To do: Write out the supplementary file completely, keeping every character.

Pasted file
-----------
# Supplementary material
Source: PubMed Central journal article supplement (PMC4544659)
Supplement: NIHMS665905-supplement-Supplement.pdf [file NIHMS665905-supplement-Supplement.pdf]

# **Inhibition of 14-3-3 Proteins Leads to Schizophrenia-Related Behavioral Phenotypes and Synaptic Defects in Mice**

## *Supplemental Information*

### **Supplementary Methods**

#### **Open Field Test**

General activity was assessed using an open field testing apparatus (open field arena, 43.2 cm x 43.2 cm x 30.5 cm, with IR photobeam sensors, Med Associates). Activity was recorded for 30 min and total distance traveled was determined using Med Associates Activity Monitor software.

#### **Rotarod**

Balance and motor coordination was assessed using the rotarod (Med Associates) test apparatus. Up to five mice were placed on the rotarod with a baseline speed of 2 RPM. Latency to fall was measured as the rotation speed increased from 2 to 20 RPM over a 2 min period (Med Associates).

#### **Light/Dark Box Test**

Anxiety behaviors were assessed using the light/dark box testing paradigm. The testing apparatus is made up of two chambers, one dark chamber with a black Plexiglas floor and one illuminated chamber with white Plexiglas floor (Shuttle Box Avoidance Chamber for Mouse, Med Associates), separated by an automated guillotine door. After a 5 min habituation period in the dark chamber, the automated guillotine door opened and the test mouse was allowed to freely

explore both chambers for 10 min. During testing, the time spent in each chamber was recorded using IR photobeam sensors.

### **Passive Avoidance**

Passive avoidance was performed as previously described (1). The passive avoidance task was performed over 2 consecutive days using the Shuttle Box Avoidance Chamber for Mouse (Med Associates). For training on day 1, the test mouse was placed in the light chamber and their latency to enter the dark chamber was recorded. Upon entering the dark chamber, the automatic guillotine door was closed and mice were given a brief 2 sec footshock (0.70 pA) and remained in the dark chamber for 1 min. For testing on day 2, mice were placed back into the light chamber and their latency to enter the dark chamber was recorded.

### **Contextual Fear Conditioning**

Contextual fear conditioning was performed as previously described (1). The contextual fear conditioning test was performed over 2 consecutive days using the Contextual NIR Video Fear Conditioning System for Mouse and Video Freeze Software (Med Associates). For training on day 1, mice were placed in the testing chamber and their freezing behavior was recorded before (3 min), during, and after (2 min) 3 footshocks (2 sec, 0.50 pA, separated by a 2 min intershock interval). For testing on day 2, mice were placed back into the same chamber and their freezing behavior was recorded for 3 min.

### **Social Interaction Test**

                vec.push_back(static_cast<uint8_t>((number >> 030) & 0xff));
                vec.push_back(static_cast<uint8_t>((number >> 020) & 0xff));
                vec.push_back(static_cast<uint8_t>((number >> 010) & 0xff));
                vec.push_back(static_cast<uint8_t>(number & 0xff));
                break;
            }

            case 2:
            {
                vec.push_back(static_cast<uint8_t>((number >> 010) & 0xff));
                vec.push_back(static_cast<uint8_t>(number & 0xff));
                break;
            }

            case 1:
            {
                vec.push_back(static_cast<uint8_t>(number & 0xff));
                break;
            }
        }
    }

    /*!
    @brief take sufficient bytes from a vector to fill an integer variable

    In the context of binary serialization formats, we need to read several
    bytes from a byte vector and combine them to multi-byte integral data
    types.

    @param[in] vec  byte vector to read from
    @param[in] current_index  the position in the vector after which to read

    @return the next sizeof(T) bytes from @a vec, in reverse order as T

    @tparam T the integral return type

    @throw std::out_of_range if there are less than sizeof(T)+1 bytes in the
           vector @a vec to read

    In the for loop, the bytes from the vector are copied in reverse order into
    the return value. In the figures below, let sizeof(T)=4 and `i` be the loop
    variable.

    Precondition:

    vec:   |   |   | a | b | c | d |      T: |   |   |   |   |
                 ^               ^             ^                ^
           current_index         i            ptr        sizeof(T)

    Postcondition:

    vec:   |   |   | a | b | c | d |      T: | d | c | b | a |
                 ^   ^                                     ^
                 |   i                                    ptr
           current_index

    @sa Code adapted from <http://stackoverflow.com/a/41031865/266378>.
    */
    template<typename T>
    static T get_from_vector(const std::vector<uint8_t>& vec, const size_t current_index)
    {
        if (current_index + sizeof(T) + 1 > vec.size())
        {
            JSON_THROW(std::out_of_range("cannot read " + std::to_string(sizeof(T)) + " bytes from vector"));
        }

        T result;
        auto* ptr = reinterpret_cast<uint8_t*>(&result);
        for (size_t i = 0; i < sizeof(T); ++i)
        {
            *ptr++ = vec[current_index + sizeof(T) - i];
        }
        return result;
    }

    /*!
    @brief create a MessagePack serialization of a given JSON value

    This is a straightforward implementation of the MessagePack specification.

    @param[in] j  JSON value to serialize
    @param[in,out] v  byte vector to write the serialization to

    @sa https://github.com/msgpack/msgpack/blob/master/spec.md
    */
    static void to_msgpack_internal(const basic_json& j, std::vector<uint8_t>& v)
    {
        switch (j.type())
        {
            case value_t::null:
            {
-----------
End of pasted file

# Supplementary material
Source: PubMed Central journal article supplement (PMC4544659)
Supplement: NIHMS665905-supplement-Supplement.pdf [file NIHMS665905-supplement-Supplement.pdf]

# **Inhibition of 14-3-3 Proteins Leads to Schizophrenia-Related Behavioral Phenotypes and Synaptic Defects in Mice**

## *Supplemental Information*

### **Supplementary Methods**

#### **Open Field Test**

General activity was assessed using an open field testing apparatus (open field arena, 43.2 cm x 43.2 cm x 30.5 cm, with IR photobeam sensors, Med Associates). Activity was recorded for 30 min and total distance traveled was determined using Med Associates Activity Monitor software.

#### **Rotarod**

Balance and motor coordination was assessed using the rotarod (Med Associates) test apparatus. Up to five mice were placed on the rotarod with a baseline speed of 2 RPM. Latency to fall was measured as the rotation speed increased from 2 to 20 RPM over a 2 min period (Med Associates).

#### **Light/Dark Box Test**

Anxiety behaviors were assessed using the light/dark box testing paradigm. The testing apparatus is made up of two chambers, one dark chamber with a black Plexiglas floor and one illuminated chamber with white Plexiglas floor (Shuttle Box Avoidance Chamber for Mouse, Med Associates), separated by an automated guillotine door. After a 5 min habituation period in the dark chamber, the automated guillotine door opened and the test mouse was allowed to freely

explore both chambers for 10 min. During testing, the time spent in each chamber was recorded using IR photobeam sensors.

### **Passive Avoidance**

Passive avoidance was performed as previously described (1). The passive avoidance task was performed over 2 consecutive days using the Shuttle Box Avoidance Chamber for Mouse (Med Associates). For training on day 1, the test mouse was placed in the light chamber and their latency to enter the dark chamber was recorded. Upon entering the dark chamber, the automatic guillotine door was closed and mice were given a brief 2 sec footshock (0.70 pA) and remained in the dark chamber for 1 min. For testing on day 2, mice were placed back into the light chamber and their latency to enter the dark chamber was recorded.

### **Contextual Fear Conditioning**

Contextual fear conditioning was performed as previously described (1). The contextual fear conditioning test was performed over 2 consecutive days using the Contextual NIR Video Fear Conditioning System for Mouse and Video Freeze Software (Med Associates). For training on day 1, mice were placed in the testing chamber and their freezing behavior was recorded before (3 min), during, and after (2 min) 3 footshocks (2 sec, 0.50 pA, separated by a 2 min intershock interval). For testing on day 2, mice were placed back into the same chamber and their freezing behavior was recorded for 3 min.

### **Social Interaction Test**

                vec.push_back(static_cast<uint8_t>((number >> 030) & 0xff));
                vec.push_back(static_cast<uint8_t>((number >> 020) & 0xff));
                vec.push_back(static_cast<uint8_t>((number >> 010) & 0xff));
                vec.push_back(static_cast<uint8_t>(number & 0xff));
                break;
            }

            case 2:
            {
                vec.push_back(static_cast<uint8_t>((number >> 010) & 0xff));
                vec.push_back(static_cast<uint8_t>(number & 0xff));
                break;
            }

            case 1:
            {
                vec.push_back(static_cast<uint8_t>(number & 0xff));
                break;
            }
        }
    }

    /*!
    @brief take sufficient bytes from a vector to fill an integer variable

    In the context of binary serialization formats, we need to read several
    bytes from a byte vector and combine them to multi-byte integral data
    types.

    @param[in] vec  byte vector to read from
    @param[in] current_index  the position in the vector after which to read

    @return the next sizeof(T) bytes from @a vec, in reverse order as T

    @tparam T the integral return type

    @throw std::out_of_range if there are less than sizeof(T)+1 bytes in the
           vector @a vec to read

    In the for loop, the bytes from the vector are copied in reverse order into
    the return value. In the figures below, let sizeof(T)=4 and `i` be the loop
    variable.

    Precondition:

    vec:   |   |   | a | b | c | d |      T: |   |   |   |   |
                 ^               ^             ^                ^
           current_index         i            ptr        sizeof(T)

    Postcondition:

    vec:   |   |   | a | b | c | d |      T: | d | c | b | a |
                 ^   ^                                     ^
                 |   i                                    ptr
           current_index

    @sa Code adapted from <http://stackoverflow.com/a/41031865/266378>.
    */
    template<typename T>
    static T get_from_vector(const std::vector<uint8_t>& vec, const size_t current_index)
    {
        if (current_index + sizeof(T) + 1 > vec.size())
        {
            JSON_THROW(std::out_of_range("cannot read " + std::to_string(sizeof(T)) + " bytes from vector"));
        }

        T result;
        auto* ptr = reinterpret_cast<uint8_t*>(&result);
        for (size_t i = 0; i < sizeof(T); ++i)
        {
            *ptr++ = vec[current_index + sizeof(T) - i];
        }
        return result;
    }

    /*!
    @brief create a MessagePack serialization of a given JSON value

    This is a straightforward implementation of the MessagePack specification.

    @param[in] j  JSON value to serialize
    @param[in,out] v  byte vector to write the serialization to

    @sa https://github.com/msgpack/msgpack/blob/master/spec.md
    */
    static void to_msgpack_internal(const basic_json& j, std::vector<uint8_t>& v)
    {
        switch (j.type())
        {
            case value_t::null:
            {